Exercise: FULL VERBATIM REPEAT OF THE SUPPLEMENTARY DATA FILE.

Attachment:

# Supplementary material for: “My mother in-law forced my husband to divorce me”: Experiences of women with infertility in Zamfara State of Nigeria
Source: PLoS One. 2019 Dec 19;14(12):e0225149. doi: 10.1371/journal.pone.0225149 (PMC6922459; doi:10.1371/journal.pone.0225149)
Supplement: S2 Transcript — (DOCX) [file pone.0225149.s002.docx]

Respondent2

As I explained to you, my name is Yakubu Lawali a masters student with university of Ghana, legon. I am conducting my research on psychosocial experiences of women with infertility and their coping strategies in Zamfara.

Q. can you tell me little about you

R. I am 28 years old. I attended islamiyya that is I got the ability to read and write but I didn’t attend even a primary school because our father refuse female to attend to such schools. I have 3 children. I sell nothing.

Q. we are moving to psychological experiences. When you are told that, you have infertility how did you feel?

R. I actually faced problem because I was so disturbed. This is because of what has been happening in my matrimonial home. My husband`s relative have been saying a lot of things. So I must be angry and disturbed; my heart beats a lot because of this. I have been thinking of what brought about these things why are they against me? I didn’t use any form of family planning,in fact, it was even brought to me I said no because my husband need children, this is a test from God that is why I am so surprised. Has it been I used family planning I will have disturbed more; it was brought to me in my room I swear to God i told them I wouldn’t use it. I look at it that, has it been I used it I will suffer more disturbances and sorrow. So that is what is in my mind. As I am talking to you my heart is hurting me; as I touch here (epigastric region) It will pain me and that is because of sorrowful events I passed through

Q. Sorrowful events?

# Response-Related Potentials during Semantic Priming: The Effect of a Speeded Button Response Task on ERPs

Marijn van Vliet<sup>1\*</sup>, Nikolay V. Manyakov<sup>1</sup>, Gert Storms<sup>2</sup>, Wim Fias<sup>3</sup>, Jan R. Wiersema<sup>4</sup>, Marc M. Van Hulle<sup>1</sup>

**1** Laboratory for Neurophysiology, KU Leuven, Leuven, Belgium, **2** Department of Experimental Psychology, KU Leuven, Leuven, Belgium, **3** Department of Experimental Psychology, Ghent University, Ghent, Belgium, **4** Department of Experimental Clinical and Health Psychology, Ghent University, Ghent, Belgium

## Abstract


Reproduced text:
# Supplementary material for: “My mother in-law forced my husband to divorce me”: Experiences of women with infertility in Zamfara State of Nigeria
Source: PLoS One. 2019 Dec 19;14(12):e0225149. doi: 10.1371/journal.pone.0225149 (PMC6922459; doi:10.1371/journal.pone.0225149)
Supplement: S2 Transcript — (DOCX) [file pone.0225149.s002.docx]

Respondent2

As I explained to you, my name is Yakubu Lawali a masters student with university of Ghana, legon. I am conducting my research on psychosocial experiences of women with infertility and their coping strategies in Zamfara.

Q. can you tell me little about you

R. I am 28 years old. I attended islamiyya that is I got the ability to read and write but I didn’t attend even a primary school because our father refuse female to attend to such schools. I have 3 children. I sell nothing.

Q. we are moving to psychological experiences. When you are told that, you have infertility how did you feel?

R. I actually faced problem because I was so disturbed. This is because of what has been happening in my matrimonial home. My husband`s relative have been saying a lot of things. So I must be angry and disturbed; my heart beats a lot because of this. I have been thinking of what brought about these things why are they against me? I didn’t use any form of family planning,in fact, it was even brought to me I said no because my husband need children, this is a test from God that is why I am so surprised. Has it been I used family planning I will have disturbed more; it was brought to me in my room I swear to God i told them I wouldn’t use it. I look at it that, has it been I used it I will suffer more disturbances and sorrow. So that is what is in my mind. As I am talking to you my heart is hurting me; as I touch here (epigastric region) It will pain me and that is because of sorrowful events I passed through

Q. Sorrowful events?

# Response-Related Potentials during Semantic Priming: The Effect of a Speeded Button Response Task on ERPs

Marijn van Vliet<sup>1\*</sup>, Nikolay V. Manyakov<sup>1</sup>, Gert Storms<sup>2</sup>, Wim Fias<sup>3</sup>, Jan R. Wiersema<sup>4</sup>, Marc M. Van Hulle<sup>1</sup>

**1** Laboratory for Neurophysiology, KU Leuven, Leuven, Belgium, **2** Department of Experimental Psychology, KU Leuven, Leuven, Belgium, **3** Department of Experimental Psychology, Ghent University, Ghent, Belgium, **4** Department of Experimental Clinical and Health Psychology, Ghent University, Ghent, Belgium

## Abstract